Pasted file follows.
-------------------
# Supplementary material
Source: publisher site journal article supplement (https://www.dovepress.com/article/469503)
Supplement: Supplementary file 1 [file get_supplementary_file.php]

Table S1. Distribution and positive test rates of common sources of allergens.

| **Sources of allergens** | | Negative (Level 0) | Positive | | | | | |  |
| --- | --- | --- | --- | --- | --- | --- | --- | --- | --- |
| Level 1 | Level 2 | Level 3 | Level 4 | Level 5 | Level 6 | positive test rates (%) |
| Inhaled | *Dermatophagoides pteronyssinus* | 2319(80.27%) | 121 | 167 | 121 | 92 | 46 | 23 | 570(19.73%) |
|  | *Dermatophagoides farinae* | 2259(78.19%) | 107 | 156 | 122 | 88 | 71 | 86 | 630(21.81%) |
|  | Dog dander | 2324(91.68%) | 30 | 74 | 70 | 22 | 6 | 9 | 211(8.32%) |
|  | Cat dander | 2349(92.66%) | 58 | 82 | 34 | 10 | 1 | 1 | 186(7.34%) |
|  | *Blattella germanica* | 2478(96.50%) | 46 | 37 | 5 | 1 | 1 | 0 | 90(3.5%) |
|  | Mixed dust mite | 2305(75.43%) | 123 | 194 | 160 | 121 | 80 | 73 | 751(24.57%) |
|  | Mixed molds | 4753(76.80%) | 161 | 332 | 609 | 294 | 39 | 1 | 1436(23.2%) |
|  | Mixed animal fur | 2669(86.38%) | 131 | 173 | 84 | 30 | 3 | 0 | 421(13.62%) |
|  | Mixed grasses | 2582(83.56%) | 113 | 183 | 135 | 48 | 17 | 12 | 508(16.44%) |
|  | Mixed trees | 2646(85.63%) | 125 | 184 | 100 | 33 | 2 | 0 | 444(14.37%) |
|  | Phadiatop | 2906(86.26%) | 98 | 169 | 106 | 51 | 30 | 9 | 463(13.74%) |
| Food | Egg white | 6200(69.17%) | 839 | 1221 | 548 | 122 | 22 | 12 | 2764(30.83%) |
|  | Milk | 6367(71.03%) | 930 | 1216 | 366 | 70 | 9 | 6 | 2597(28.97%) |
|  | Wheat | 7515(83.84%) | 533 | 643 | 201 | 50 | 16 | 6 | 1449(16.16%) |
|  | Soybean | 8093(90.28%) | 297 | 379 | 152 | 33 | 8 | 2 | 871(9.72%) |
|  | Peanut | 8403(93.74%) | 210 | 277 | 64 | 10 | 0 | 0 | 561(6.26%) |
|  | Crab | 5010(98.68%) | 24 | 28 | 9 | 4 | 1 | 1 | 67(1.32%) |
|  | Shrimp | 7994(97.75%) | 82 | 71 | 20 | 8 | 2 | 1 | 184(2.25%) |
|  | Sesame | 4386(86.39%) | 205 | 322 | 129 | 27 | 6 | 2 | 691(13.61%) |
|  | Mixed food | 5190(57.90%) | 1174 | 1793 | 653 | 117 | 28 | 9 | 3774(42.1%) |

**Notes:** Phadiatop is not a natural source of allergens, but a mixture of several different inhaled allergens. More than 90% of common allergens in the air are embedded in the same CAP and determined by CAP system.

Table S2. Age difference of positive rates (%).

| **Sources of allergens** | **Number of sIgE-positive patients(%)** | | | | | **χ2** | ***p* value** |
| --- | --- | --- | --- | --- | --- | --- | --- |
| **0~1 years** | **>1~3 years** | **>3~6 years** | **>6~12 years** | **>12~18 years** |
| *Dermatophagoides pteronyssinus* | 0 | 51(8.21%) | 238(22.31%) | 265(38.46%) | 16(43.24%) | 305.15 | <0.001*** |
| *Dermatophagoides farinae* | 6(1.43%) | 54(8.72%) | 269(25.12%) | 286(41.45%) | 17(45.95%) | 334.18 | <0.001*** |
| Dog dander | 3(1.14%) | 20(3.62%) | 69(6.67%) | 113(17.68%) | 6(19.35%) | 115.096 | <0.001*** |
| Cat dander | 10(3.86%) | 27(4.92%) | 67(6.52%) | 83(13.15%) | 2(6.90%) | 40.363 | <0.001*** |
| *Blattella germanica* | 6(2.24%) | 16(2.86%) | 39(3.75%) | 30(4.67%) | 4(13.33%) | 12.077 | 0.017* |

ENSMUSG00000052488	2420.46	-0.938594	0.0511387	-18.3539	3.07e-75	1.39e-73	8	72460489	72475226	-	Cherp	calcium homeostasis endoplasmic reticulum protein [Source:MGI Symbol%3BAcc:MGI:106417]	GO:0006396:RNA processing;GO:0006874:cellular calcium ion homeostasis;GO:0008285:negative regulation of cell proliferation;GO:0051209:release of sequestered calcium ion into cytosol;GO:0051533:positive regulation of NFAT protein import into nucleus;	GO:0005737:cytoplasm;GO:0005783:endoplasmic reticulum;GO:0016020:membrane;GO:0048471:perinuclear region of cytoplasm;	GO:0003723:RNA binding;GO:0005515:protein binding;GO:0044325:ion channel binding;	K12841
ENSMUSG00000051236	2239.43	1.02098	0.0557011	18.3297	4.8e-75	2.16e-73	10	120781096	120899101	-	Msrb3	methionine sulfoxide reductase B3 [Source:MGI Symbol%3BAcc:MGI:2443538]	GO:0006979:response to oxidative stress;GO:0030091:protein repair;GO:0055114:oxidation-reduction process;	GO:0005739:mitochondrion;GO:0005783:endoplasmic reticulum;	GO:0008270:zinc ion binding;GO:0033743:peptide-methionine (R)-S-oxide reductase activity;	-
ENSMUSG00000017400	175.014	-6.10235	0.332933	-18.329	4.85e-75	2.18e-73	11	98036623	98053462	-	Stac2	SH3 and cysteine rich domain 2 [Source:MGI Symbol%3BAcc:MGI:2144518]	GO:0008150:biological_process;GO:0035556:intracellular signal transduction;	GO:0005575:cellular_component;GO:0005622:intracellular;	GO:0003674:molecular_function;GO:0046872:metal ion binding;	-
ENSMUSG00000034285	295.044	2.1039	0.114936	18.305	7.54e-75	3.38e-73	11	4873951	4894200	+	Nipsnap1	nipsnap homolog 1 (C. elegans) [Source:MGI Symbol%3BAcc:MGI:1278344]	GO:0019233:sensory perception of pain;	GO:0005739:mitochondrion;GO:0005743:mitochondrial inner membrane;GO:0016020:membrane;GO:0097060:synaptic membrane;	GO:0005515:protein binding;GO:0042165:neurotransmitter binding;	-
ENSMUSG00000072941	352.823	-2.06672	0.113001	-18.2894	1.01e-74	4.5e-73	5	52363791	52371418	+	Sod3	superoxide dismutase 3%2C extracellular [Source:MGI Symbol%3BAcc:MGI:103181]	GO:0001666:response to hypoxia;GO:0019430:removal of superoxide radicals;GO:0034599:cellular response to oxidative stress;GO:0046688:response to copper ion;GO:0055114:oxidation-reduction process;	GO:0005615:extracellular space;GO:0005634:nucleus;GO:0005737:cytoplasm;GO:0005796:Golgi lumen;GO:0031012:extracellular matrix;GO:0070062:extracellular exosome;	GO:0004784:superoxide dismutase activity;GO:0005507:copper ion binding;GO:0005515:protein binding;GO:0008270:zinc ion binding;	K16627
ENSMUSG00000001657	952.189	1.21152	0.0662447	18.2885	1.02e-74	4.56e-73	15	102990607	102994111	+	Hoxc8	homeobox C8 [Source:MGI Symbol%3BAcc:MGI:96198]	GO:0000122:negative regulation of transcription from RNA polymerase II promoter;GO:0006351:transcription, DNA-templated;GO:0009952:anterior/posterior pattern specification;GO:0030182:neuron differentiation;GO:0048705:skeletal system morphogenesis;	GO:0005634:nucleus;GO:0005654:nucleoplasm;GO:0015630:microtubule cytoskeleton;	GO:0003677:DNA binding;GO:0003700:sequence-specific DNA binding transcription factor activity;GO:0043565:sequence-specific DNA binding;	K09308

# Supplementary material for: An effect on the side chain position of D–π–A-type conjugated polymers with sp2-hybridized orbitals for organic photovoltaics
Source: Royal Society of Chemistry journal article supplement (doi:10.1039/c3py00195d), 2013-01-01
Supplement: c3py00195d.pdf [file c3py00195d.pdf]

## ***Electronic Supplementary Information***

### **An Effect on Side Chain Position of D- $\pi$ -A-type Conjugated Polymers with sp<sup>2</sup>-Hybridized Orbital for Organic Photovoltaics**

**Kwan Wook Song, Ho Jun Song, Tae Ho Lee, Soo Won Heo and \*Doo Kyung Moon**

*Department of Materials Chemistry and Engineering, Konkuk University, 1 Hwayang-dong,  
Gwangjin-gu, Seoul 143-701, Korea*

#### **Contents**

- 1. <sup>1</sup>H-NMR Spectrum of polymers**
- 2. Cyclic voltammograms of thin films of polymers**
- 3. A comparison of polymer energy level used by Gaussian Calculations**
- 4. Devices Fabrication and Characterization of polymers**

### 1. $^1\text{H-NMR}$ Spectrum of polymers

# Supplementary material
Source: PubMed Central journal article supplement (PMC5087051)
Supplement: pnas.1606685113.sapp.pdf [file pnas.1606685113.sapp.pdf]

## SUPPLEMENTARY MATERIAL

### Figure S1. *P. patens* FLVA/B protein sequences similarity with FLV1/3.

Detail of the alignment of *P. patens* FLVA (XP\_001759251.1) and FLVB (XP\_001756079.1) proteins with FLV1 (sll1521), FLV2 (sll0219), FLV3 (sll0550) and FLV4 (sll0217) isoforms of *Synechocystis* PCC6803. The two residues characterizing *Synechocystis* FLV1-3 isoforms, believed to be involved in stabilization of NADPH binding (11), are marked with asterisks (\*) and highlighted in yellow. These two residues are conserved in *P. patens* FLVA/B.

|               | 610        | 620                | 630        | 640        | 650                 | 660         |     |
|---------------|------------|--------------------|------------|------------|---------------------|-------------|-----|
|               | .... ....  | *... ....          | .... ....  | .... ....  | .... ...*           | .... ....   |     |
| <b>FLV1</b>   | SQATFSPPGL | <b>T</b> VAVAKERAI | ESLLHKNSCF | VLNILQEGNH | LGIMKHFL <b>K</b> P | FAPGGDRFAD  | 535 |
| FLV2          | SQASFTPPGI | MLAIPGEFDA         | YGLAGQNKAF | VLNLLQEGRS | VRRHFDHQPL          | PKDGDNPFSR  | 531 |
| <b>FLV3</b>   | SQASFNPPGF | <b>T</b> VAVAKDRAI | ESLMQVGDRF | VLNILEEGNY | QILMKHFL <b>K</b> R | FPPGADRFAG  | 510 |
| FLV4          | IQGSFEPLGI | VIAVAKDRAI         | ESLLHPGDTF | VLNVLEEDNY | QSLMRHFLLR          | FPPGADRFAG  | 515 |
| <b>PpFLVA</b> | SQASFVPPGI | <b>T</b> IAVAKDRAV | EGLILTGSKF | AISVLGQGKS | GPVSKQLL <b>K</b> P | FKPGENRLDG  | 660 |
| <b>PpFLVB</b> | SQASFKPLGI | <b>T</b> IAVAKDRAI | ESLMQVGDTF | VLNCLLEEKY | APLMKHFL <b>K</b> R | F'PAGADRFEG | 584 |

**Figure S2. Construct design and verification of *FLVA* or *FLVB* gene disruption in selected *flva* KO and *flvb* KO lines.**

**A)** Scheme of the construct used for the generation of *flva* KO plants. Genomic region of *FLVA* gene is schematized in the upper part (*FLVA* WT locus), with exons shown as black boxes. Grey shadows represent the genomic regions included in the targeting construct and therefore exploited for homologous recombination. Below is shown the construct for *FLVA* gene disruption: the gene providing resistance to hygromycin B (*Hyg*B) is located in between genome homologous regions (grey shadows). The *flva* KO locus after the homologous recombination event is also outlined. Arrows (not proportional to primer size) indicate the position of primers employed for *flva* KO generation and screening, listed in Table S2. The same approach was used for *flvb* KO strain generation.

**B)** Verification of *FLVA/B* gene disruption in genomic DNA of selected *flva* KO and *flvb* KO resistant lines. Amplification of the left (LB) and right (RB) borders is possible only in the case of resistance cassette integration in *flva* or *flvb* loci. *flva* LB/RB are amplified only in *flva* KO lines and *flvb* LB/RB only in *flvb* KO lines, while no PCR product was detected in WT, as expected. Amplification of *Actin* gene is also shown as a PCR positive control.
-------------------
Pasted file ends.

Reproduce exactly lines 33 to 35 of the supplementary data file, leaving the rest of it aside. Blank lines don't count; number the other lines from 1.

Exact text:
| *Dermatophagoides pteronyssinus* | 0 | 51(8.21%) | 238(22.31%) | 265(38.46%) | 16(43.24%) | 305.15 | <0.001*** |
| *Dermatophagoides farinae* | 6(1.43%) | 54(8.72%) | 269(25.12%) | 286(41.45%) | 17(45.95%) | 334.18 | <0.001*** |
| Dog dander | 3(1.14%) | 20(3.62%) | 69(6.67%) | 113(17.68%) | 6(19.35%) | 115.096 | <0.001*** |